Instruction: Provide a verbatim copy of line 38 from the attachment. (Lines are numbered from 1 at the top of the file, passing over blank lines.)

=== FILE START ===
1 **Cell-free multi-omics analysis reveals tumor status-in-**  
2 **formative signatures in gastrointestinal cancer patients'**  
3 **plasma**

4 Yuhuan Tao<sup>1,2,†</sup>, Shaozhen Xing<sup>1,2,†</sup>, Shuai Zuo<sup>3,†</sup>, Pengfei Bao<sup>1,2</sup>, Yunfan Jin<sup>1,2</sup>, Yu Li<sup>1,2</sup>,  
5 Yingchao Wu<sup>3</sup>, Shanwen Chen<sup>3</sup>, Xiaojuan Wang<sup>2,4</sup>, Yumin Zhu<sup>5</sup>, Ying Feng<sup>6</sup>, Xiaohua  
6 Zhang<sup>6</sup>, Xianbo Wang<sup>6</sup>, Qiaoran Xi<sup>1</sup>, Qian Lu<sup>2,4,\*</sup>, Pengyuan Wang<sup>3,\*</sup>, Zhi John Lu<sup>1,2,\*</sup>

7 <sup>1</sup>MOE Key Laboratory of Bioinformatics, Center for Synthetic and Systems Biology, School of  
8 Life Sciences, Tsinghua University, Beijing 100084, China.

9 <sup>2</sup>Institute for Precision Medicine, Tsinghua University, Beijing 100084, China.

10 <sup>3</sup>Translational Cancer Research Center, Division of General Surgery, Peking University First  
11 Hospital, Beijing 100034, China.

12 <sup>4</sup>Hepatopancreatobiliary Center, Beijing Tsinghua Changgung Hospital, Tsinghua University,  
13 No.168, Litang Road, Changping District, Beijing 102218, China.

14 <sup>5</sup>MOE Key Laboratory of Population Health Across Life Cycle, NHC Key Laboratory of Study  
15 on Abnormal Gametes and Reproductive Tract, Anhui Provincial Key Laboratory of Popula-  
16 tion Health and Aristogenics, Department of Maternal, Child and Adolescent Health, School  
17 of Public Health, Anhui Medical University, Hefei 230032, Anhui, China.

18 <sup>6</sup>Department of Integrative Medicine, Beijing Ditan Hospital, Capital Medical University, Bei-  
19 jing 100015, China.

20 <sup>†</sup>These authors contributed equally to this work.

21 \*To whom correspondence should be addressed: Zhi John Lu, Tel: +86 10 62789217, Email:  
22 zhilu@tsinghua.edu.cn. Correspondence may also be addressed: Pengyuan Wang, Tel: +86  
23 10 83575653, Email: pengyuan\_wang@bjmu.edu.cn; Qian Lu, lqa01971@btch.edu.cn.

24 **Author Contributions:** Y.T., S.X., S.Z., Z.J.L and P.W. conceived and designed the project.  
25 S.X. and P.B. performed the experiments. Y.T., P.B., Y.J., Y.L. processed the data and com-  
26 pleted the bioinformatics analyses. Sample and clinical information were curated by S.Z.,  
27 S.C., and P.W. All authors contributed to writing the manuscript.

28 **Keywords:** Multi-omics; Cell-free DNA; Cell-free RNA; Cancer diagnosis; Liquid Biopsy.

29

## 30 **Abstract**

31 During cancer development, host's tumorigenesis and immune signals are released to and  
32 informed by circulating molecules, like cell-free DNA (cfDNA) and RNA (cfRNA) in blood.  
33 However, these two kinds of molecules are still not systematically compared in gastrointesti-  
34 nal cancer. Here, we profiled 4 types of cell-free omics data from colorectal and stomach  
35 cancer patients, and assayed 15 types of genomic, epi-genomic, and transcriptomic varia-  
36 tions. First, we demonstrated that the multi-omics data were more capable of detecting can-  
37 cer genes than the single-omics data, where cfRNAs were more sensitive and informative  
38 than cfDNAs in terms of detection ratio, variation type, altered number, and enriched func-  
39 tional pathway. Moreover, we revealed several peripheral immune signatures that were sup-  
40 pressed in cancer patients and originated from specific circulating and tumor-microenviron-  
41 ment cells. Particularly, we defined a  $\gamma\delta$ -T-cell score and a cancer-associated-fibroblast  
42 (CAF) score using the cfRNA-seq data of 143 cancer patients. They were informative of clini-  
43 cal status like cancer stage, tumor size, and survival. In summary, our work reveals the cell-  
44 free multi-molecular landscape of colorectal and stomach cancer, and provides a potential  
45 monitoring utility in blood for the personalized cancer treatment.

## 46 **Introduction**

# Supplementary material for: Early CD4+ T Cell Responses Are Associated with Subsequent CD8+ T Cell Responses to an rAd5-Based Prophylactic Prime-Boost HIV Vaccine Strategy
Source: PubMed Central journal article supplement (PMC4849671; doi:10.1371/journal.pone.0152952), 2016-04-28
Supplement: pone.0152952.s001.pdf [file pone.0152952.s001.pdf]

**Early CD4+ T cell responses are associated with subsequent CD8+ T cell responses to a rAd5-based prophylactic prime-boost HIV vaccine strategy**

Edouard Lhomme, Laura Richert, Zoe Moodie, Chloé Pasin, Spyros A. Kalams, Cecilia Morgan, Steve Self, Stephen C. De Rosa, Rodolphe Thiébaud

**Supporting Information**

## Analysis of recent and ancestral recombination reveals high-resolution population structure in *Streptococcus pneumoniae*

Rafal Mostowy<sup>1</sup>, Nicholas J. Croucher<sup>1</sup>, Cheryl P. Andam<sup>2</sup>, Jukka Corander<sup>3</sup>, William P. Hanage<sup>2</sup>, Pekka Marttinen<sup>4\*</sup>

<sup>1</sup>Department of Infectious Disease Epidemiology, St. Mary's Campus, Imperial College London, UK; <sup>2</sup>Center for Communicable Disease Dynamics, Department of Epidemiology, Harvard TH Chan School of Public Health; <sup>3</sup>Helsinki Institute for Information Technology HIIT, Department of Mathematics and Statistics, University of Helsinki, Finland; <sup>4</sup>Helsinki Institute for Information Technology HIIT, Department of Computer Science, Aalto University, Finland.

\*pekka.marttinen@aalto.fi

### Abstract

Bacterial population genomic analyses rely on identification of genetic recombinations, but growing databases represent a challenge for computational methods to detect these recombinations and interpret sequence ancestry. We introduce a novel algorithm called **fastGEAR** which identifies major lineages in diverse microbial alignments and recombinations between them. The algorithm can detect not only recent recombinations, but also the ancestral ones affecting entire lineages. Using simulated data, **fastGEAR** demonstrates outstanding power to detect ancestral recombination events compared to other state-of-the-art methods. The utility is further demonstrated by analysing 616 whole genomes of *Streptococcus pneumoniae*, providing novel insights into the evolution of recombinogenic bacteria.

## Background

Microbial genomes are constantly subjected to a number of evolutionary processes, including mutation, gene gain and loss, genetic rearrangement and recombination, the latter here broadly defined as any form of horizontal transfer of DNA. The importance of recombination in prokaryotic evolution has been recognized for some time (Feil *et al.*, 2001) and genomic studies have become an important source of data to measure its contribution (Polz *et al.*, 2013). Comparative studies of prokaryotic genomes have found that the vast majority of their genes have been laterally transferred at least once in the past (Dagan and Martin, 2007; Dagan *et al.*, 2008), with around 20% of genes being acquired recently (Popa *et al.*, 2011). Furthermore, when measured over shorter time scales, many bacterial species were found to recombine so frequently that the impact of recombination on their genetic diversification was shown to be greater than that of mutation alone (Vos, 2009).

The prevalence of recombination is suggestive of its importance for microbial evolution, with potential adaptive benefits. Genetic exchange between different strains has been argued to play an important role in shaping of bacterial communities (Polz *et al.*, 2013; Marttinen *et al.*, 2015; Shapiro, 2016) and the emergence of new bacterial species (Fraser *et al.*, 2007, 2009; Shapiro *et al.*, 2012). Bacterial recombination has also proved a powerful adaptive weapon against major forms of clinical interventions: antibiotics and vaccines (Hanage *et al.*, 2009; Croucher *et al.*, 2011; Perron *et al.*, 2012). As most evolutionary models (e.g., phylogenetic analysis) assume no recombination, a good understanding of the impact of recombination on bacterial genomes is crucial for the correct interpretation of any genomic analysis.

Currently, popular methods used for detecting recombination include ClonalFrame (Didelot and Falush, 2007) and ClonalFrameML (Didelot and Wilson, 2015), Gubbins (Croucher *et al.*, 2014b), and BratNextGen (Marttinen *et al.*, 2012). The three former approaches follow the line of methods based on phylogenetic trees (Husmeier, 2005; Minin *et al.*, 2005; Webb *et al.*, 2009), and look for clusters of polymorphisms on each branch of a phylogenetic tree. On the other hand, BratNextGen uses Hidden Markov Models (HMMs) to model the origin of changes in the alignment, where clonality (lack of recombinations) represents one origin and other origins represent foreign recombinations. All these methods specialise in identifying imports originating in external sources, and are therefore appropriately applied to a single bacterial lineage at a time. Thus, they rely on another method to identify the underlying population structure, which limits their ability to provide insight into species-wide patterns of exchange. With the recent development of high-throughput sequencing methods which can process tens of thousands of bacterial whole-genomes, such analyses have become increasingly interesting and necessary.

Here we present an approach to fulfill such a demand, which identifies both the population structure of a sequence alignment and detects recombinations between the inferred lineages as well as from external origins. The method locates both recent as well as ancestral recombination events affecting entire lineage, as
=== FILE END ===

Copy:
38 than cfDNAs in terms of detection ratio, variation type, altered number, and enriched func-  